On Nov. 6, Democrat Lina Hidalgo defeated incumbent Republican Harris County Judge Ed Emmett by about 19,000 votes. Hidalgo immigrated to Texas with her family from Colombia in 2005 and later graduated from Stanford University with a degree in political science. She was pursuing a graduate degree through New York and Harvard universities when she began her run for county judge. Here is what she had to say about plans for 2019 and the recent election in response to several questions from Community Impact Newspaper.
How did you decide to run for office?
Like thousands of women across our country, 15 months ago I decided that sometimes you can’t just wait for things to happen; you have to do it yourself. I’ve always been an advocate, working throughout our community on health care access and criminal justice reform, and internationally on human rights and free expression. Harris County made me who I am. I got here when I was 14 and was able to attend some of the world’s best universities with support from all across our community. I knew the issues facing us, from mental health care access outside the jail to our vulnerability to flooding—at that time we’d had two 500-year floods in two years already—were life or death issues. I decided to step up and give back.
What do you feel that you bring to the role of county judge, and what do you feel is the most important role of the position?
The county judge helps set a budget, mostly comprised of our residents’ property taxes. It’s over $5 billion for the next fiscal year. To me, the role is ultimately about priorities and values. I will work to make sure that our county’s priorities reflect those of the community. I share all our commissioners’ commitment to building a county government that works better and saves us money.
What will be your immediate top priorities?
Immediately, I am focused on putting together an expert staff comprised of people with all points of view. I’m working to talk to those in the county who don’t yet know me. To identify their concerns and hopes. And learning as much as I can from our different department heads, so I’m ready to hit the ground running on day one.
To what factors do you attribute your victory in the Nov. 6 election?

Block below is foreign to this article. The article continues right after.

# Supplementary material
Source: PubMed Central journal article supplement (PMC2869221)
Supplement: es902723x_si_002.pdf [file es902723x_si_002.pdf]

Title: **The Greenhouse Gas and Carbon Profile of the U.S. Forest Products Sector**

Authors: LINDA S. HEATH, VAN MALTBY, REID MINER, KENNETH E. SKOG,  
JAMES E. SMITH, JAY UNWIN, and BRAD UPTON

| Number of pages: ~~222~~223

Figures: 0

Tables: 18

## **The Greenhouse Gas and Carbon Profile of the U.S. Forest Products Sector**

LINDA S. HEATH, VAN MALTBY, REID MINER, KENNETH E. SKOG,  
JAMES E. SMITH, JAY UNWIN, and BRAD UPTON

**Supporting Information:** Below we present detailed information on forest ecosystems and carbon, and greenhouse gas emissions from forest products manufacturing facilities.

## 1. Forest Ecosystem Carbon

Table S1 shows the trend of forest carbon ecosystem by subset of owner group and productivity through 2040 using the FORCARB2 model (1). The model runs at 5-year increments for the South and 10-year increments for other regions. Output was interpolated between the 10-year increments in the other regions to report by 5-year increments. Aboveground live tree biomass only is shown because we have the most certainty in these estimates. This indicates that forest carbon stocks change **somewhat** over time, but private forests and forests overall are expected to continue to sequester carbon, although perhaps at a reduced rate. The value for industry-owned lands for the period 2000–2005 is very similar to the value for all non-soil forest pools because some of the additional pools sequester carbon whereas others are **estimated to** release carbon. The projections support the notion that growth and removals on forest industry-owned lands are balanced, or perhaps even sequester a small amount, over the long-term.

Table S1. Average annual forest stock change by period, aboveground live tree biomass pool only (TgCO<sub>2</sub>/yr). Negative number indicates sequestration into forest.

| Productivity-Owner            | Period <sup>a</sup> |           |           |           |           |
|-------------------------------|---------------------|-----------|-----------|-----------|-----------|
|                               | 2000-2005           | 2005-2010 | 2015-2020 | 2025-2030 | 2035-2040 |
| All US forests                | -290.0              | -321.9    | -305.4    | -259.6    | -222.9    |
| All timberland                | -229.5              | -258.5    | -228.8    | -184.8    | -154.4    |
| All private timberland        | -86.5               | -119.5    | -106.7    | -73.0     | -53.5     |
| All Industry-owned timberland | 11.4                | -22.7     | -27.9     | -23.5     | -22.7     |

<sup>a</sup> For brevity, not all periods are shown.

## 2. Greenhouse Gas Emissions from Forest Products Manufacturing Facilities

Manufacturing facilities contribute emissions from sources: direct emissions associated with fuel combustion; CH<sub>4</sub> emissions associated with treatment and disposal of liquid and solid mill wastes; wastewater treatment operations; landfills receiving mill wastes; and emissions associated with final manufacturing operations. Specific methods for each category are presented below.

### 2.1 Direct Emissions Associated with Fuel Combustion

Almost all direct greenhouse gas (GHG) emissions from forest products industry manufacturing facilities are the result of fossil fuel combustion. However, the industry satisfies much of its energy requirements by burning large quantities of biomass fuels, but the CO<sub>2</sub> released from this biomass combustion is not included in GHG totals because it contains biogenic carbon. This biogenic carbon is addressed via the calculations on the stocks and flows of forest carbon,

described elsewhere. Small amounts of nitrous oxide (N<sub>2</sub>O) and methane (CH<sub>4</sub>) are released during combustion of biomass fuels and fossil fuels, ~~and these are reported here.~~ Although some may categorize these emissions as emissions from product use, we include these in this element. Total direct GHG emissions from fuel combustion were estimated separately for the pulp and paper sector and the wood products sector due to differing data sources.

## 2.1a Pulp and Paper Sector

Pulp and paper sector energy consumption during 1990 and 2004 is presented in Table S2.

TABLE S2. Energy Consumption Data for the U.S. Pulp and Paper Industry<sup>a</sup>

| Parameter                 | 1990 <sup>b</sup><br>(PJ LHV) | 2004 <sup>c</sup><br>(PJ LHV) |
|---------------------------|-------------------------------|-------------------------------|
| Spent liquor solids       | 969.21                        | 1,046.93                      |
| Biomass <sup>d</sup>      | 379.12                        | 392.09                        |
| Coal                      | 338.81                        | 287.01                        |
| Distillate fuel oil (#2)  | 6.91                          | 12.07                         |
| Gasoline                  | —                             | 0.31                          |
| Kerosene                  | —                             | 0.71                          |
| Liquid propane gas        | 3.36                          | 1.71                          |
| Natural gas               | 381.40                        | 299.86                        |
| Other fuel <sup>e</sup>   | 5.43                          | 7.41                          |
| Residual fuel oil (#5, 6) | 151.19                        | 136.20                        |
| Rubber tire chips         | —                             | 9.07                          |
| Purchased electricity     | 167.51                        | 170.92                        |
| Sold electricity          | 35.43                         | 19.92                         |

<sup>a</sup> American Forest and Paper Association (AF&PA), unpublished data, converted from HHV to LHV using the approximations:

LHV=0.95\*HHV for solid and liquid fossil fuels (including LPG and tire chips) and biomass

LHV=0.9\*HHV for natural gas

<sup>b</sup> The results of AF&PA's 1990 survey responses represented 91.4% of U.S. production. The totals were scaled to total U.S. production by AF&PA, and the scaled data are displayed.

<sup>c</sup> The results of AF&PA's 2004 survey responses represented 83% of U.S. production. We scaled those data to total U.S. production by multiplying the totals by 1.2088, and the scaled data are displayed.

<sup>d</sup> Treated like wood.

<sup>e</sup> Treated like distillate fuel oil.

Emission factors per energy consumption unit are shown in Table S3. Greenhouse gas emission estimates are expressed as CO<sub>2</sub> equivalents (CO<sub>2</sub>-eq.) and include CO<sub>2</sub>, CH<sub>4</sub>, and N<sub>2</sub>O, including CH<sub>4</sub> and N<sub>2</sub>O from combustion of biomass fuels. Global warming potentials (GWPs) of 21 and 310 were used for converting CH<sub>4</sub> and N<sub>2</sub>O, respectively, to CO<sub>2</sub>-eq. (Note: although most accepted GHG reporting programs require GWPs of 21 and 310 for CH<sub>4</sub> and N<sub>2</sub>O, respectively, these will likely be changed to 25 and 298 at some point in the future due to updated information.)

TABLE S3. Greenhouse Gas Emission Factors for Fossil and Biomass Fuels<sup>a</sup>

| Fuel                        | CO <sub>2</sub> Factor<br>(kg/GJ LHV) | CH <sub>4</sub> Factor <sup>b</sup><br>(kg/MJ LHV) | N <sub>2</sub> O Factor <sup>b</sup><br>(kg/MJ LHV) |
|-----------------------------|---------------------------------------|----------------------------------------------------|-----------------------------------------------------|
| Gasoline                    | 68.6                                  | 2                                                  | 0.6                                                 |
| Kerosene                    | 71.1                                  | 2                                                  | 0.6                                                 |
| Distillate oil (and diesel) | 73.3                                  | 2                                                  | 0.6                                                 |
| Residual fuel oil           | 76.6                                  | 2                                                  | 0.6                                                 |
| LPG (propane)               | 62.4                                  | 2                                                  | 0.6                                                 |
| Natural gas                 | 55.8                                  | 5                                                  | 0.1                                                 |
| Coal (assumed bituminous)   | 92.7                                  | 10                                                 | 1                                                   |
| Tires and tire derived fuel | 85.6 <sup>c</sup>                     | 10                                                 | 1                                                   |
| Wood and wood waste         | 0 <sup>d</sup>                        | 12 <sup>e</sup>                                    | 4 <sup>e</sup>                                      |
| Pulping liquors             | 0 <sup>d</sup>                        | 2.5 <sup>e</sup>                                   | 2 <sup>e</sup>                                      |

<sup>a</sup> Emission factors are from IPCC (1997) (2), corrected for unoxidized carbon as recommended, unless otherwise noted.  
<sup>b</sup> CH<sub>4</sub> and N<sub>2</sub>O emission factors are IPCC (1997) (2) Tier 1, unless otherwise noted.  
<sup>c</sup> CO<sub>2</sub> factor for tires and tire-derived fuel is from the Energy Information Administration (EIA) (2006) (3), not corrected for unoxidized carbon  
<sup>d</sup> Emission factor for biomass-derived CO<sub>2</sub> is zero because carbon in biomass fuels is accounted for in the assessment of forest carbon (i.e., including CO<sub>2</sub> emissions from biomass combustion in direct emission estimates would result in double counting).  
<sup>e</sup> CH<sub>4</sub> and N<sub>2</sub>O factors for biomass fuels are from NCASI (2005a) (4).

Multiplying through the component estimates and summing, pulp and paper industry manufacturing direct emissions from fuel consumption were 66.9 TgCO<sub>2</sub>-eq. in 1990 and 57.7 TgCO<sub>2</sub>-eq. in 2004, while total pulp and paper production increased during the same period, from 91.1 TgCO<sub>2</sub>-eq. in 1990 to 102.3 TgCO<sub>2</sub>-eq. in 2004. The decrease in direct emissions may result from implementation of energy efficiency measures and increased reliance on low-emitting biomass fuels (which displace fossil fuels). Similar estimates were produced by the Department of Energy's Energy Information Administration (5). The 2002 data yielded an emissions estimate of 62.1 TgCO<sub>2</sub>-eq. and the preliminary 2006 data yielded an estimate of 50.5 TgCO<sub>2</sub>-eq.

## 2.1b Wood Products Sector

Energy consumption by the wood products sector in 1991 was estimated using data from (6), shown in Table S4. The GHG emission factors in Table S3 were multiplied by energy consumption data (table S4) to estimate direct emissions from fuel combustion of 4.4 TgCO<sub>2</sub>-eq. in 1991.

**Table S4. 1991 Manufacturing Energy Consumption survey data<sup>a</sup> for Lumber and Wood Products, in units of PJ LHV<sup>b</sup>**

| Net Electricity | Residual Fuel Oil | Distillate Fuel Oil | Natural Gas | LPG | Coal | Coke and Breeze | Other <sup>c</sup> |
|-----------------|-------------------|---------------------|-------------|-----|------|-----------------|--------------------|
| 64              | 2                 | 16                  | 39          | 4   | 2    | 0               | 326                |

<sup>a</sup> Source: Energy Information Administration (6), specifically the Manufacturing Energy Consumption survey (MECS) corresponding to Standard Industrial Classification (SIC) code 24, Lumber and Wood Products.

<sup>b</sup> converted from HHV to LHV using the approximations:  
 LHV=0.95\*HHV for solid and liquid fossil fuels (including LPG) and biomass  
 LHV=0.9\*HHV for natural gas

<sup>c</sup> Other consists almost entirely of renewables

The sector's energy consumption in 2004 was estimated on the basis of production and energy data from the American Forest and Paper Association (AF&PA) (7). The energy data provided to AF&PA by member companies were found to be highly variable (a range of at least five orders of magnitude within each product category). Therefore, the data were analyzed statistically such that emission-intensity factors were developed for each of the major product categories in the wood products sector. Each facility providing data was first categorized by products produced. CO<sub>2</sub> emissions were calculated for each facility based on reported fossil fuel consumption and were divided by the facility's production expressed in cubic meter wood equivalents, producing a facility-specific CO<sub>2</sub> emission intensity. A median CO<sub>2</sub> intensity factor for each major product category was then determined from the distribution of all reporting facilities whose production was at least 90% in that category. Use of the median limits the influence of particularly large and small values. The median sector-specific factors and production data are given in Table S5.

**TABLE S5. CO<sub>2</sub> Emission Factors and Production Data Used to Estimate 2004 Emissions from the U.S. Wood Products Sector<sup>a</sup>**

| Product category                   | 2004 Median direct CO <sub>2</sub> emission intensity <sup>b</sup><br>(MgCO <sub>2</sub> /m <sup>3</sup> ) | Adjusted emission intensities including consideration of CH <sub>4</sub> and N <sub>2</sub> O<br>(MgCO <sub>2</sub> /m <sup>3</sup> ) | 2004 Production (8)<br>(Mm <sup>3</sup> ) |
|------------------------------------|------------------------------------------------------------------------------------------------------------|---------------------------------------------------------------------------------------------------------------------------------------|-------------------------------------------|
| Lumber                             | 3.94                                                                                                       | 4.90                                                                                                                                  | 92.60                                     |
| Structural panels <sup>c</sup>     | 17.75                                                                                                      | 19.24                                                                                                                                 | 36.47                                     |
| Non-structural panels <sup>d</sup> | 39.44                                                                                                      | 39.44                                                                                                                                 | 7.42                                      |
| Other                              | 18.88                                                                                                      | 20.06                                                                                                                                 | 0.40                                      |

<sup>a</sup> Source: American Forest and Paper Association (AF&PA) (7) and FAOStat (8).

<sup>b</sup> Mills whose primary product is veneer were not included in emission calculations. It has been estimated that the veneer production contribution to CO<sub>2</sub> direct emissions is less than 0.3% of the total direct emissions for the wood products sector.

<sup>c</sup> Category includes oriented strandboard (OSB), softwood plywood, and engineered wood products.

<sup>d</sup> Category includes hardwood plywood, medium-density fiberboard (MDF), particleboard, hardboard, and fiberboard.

Timing and circumstance played a role here, as with anything. Ultimately, our win was made possible by the desire to make change and a team of wonderful people stepping up to make it happen. We reached hundreds of thousands of voters through digital media, television and radio. We pushed for the straight-ticket vote, but we also specifically targeted folks at risk of [splitting]their ticket. Hundreds of people partnered with incredible organizations to reach every corner of our community.
How will your approach differ from the current leadership?
I’ll be very focused on transparency. Throughout the campaign trail, I found the vast majority of people to be unfamiliar with the role of the county judge and of the county. I believe we’ll build stronger government if people understand what our role is, so they’re able to hold us accountable. I’ll work to make Commissioners Court meetings more accessible, to be more present and visible across our community year-round, and to publish more [information in a more accessible manner].
Do you expect to make any changes to current plans regarding Astrodome renovation, the flood bond programs or other initiatives started by the current administration?
Every time you take over an organization, you do a complete review of the operations and finances. I’m interested in making the best decisions for the residents of Harris County, and I’ll continue working with my colleagues and our department heads to figure out what those are.
What are several ways in which you hope to increase governmental transparency and reform the criminal justice system?
We need to increase our level of community engagement at all levels of county government so that we’re proactively educating our constituents on the role that county government plays in their lives. That means making our meetings more accessible, holding meetings in every community, publishing transparent and easy-to-understand metrics. As I’ve been meeting with staff and department heads during the transition I’ve emphasized my commitment to making all levels of county government transparent and accessible to the public.
Beyond bail, I hope to work to reduce the over-incarceration of our youth and instead look to early childhood education so that we break the school-to-prison pipeline. Ninety-six percent of children in our juvenile justice system are children of color. All throughout our criminal justice system, we need to end the dramatic disparities that exist. I’d like to work with our sheriff on overcrowding at the jail and on innovative policies he’s been proposing.